But this won’t be the case for Scott Morrison – as Australian taxpayers will foot the bill for any legal fees he may incur.
Names not released
The Holmes’ Report included a sealed section with names recommended for further investigation to the Australian Public Service Commissioner, the National Anti-Corruption Commissioner, the President of the Law Society of the Australian Capital Territory and the Australian Federal Police, and those names have not been released.
However, the publicly published report did suggest criminal charges could be laid and Catherine Holmes also opened the gateway for civil action, too. Civil prosecution could be launched by anyone seeking justice and compensation over Robodebt.
Where does the buck stop?
Are hard-working Australians expected to foot the bill for legal action which could continue over the next several years, to defend Ministers who designed and implemented and continued to operate – even when they knew there were concerns about its legality – a debt recovery scheme that affected more than half a million Australians, causing distress, financial duress and even suicide?
Not only does this seem to be an incredible waste of limited resources meant for indigent people, particularly when over the past several years legal aid has turned away hundreds of clients because there are simply not enough funds to serve them.
But there’s also an argument to suggest that those who perpetuated a culture which demonised unemployed, mentally ill and other vulnerable Australians, and were remunerated very well while doing so, do not deserve to have their defence against such deplorable, discriminative and indeed illegal behaviour funded by taxpayers.
In any case, wouldn’t applying and accepting such aid be the kind of “rorting” the system they consistently told us that Robodebt was intended to crack down upon?
As the Holmes’ report noted: “on the evidence before the commission, elements of the tort of misfeasance in public office appear to exist”.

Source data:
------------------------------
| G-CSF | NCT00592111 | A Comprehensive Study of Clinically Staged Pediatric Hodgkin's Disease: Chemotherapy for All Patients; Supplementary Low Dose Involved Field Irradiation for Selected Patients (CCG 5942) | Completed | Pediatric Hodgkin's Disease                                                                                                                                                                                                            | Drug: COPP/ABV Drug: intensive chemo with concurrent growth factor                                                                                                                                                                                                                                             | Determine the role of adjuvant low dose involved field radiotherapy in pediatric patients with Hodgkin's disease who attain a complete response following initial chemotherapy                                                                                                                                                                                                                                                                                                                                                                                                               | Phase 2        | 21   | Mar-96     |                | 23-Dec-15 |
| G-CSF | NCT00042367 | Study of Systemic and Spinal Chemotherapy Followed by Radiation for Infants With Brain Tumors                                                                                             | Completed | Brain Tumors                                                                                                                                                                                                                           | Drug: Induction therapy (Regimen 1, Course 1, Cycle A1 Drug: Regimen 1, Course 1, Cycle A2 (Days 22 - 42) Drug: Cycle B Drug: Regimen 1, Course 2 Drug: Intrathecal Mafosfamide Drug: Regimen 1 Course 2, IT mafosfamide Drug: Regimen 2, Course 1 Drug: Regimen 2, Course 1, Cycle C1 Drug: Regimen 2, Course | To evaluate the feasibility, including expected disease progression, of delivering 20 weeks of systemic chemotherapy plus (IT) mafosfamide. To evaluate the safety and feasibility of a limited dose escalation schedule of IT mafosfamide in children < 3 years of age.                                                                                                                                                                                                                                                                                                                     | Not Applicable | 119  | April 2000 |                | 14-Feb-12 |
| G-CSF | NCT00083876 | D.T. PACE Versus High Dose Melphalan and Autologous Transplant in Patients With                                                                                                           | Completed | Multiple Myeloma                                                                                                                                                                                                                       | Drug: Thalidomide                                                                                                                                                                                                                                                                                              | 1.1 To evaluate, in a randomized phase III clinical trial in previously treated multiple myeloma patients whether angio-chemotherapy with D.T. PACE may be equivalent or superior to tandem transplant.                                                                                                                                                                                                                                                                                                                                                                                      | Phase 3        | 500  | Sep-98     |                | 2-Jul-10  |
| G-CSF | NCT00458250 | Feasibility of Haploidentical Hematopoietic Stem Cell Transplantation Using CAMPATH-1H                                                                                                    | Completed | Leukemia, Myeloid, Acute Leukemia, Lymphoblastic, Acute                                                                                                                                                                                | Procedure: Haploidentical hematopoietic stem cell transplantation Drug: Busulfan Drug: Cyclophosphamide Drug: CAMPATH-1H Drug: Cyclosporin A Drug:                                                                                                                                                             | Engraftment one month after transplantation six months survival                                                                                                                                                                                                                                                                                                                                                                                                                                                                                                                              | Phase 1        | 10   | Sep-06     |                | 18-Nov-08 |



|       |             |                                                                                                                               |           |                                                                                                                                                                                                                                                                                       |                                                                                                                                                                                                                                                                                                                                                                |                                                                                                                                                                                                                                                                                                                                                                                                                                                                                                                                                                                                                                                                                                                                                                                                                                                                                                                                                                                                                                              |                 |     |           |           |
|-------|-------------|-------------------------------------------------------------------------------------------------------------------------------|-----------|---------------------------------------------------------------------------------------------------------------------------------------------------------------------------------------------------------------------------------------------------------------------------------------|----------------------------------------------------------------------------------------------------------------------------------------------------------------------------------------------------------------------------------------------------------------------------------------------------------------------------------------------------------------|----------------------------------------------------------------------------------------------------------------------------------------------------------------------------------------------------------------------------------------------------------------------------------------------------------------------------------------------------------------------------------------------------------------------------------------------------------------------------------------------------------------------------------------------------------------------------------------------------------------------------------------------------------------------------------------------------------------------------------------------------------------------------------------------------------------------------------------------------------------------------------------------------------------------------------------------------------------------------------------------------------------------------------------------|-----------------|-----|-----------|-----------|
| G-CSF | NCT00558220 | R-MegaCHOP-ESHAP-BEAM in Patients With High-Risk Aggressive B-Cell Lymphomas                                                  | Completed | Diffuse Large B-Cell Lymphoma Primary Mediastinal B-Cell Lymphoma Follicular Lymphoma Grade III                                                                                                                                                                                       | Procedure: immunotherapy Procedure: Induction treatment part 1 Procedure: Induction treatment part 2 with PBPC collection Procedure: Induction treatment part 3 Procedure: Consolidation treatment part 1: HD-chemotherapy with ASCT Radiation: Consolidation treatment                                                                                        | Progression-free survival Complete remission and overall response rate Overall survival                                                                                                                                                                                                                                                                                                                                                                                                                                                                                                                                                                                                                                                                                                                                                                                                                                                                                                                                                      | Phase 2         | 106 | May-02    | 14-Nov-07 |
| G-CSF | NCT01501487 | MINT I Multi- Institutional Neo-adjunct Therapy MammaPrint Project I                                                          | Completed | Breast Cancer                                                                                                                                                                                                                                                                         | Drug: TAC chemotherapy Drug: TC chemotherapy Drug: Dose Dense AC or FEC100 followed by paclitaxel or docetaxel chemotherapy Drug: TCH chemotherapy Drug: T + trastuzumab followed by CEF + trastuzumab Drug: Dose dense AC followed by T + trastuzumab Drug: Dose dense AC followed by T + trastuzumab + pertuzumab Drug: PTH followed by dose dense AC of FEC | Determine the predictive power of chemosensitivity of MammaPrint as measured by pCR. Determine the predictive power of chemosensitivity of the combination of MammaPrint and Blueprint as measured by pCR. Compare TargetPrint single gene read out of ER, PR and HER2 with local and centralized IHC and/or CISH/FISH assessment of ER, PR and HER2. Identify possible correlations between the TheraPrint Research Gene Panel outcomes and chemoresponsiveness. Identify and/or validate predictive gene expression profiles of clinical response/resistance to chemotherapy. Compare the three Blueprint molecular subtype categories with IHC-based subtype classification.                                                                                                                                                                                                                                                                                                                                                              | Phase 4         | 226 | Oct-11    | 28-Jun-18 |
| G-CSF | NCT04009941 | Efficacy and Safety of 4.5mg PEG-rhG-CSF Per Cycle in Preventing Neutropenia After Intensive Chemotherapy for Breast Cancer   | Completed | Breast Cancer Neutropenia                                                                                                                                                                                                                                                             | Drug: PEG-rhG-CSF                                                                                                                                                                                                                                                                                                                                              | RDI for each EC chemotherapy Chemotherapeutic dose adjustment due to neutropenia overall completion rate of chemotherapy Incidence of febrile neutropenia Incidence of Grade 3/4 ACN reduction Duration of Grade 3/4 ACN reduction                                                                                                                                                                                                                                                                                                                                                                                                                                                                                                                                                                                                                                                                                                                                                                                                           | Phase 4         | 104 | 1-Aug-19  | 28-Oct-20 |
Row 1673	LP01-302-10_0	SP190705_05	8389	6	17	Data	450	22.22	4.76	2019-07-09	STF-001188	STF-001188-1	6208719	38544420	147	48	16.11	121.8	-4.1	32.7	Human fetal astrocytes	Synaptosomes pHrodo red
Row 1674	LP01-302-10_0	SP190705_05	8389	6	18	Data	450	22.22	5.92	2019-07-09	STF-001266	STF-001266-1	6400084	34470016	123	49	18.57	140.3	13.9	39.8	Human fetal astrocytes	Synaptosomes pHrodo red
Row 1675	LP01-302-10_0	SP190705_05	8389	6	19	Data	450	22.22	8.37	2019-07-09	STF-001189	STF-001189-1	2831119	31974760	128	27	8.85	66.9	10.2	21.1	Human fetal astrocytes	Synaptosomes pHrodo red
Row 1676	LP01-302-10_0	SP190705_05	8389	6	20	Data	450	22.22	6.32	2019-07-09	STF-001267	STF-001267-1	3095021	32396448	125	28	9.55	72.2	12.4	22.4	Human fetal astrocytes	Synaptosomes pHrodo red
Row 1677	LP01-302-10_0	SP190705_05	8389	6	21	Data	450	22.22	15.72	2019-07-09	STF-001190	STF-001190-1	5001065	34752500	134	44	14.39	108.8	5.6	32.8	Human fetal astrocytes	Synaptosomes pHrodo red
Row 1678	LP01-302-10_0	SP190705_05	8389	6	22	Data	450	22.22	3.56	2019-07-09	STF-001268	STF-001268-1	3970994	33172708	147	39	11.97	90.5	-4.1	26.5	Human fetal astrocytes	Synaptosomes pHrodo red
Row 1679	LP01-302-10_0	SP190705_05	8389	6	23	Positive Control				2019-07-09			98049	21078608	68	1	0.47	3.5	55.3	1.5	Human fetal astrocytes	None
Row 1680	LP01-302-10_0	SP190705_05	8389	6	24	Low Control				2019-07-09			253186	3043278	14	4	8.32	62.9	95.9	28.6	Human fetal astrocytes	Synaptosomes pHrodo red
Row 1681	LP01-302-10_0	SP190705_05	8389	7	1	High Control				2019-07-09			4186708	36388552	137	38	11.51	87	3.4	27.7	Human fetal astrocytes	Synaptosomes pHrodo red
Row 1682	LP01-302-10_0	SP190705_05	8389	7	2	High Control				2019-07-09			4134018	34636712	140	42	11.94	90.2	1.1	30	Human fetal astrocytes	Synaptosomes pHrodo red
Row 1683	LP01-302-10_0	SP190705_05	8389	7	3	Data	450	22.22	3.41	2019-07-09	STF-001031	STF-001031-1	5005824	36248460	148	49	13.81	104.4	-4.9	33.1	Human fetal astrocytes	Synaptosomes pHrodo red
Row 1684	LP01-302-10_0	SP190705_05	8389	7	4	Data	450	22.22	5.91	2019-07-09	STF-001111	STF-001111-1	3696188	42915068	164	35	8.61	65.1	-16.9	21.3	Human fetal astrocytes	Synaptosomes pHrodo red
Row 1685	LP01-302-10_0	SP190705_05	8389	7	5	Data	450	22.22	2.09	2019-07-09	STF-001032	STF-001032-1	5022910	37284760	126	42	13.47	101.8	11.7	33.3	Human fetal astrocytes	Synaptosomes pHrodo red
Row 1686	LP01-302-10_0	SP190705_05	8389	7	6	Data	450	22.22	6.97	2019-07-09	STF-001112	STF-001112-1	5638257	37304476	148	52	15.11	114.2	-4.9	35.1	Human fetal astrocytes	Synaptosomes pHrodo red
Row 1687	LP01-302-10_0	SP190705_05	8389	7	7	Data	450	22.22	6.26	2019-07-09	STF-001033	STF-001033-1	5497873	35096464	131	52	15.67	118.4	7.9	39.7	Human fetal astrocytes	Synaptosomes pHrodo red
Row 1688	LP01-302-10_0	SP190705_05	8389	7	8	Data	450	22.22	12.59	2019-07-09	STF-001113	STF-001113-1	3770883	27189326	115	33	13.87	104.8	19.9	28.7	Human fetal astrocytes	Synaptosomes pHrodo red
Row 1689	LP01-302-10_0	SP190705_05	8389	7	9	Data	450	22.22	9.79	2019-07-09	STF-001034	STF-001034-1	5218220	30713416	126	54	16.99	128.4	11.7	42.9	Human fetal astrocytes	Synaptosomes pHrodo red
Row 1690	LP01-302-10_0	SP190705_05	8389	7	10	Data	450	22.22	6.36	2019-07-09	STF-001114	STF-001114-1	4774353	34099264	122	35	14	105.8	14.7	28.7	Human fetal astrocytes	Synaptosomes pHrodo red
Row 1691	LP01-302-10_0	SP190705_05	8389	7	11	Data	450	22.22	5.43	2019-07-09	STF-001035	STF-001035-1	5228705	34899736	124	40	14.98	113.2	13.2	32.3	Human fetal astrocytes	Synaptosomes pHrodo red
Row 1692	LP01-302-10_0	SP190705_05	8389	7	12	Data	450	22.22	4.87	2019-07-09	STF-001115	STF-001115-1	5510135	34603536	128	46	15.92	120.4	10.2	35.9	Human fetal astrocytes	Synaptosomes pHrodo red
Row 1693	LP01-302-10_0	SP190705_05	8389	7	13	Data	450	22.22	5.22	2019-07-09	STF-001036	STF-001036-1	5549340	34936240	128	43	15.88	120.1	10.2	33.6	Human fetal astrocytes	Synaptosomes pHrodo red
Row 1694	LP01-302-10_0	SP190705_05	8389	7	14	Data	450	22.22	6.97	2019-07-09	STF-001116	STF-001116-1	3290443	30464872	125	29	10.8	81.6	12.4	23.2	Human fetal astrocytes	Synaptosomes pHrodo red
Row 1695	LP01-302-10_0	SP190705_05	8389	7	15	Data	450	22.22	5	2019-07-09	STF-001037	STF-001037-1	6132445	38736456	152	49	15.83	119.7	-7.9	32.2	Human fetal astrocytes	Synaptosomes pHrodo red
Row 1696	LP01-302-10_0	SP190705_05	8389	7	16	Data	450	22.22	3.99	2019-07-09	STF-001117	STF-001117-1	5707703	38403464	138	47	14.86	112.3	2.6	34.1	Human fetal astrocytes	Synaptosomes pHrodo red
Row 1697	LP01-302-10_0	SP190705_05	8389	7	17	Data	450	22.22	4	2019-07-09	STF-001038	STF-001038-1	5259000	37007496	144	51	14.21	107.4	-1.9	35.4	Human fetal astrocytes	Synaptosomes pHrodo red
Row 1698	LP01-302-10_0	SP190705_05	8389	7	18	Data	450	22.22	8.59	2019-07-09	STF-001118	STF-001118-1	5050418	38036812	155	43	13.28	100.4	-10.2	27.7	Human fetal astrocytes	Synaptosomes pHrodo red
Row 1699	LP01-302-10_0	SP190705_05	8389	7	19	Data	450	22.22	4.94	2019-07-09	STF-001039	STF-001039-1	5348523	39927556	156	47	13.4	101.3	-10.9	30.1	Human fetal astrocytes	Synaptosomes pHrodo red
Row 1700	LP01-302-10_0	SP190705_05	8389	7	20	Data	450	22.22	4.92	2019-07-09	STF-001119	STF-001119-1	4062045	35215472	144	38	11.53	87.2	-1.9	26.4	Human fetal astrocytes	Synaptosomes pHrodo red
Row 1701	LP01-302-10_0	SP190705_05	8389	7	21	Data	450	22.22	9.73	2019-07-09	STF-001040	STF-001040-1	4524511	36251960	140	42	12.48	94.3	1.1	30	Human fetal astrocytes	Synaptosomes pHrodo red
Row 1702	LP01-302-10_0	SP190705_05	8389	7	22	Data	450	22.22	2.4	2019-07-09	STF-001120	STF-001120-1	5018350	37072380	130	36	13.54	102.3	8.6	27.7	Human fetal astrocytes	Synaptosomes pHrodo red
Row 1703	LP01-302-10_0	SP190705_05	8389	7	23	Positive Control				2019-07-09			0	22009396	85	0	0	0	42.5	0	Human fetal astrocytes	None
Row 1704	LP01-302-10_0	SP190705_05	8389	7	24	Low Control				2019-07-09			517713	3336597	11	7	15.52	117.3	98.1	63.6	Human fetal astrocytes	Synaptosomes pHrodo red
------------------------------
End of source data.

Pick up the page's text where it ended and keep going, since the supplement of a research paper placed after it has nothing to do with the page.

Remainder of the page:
Further, the Commission heard a stack of evidence which showed a distinct lack of regard for the law.
Even during hearings most ministers could not actually bring themselves to say the scheme was “unlawful”, (rather, they referred to the scheme as ‘legally insufficient”) despite it officially being declared to be so by a Federal Court in 2019.
To be clear – this isn’t about mincing words – it is about accountability.
What about accountability?
Robodebt’s history has been well documented over the years, but the final Royal Commission report lays bare the horrific impact of the scheme and the obvious lack of due care of the impact, by those politicians responsible.
Those responsible must now be held to account. And if the government pays their legal fees then how can there be personal responsibility or incentive for other politicians to take heed and do better?
Without personal accountability we’re simply sanctioning governments to just do as they wish, without regard for the law, and without regard for the people they are supposed to serve, expecting taxpayers to fund the exorbitant cost of “making things right,” when things go wrong because they were ill thought out in the first place.
What will inevitably happen then, is that Robodebt in another form at another time, will rear its ugly head again, no lessons learned. In fact, it already appears to be doing so.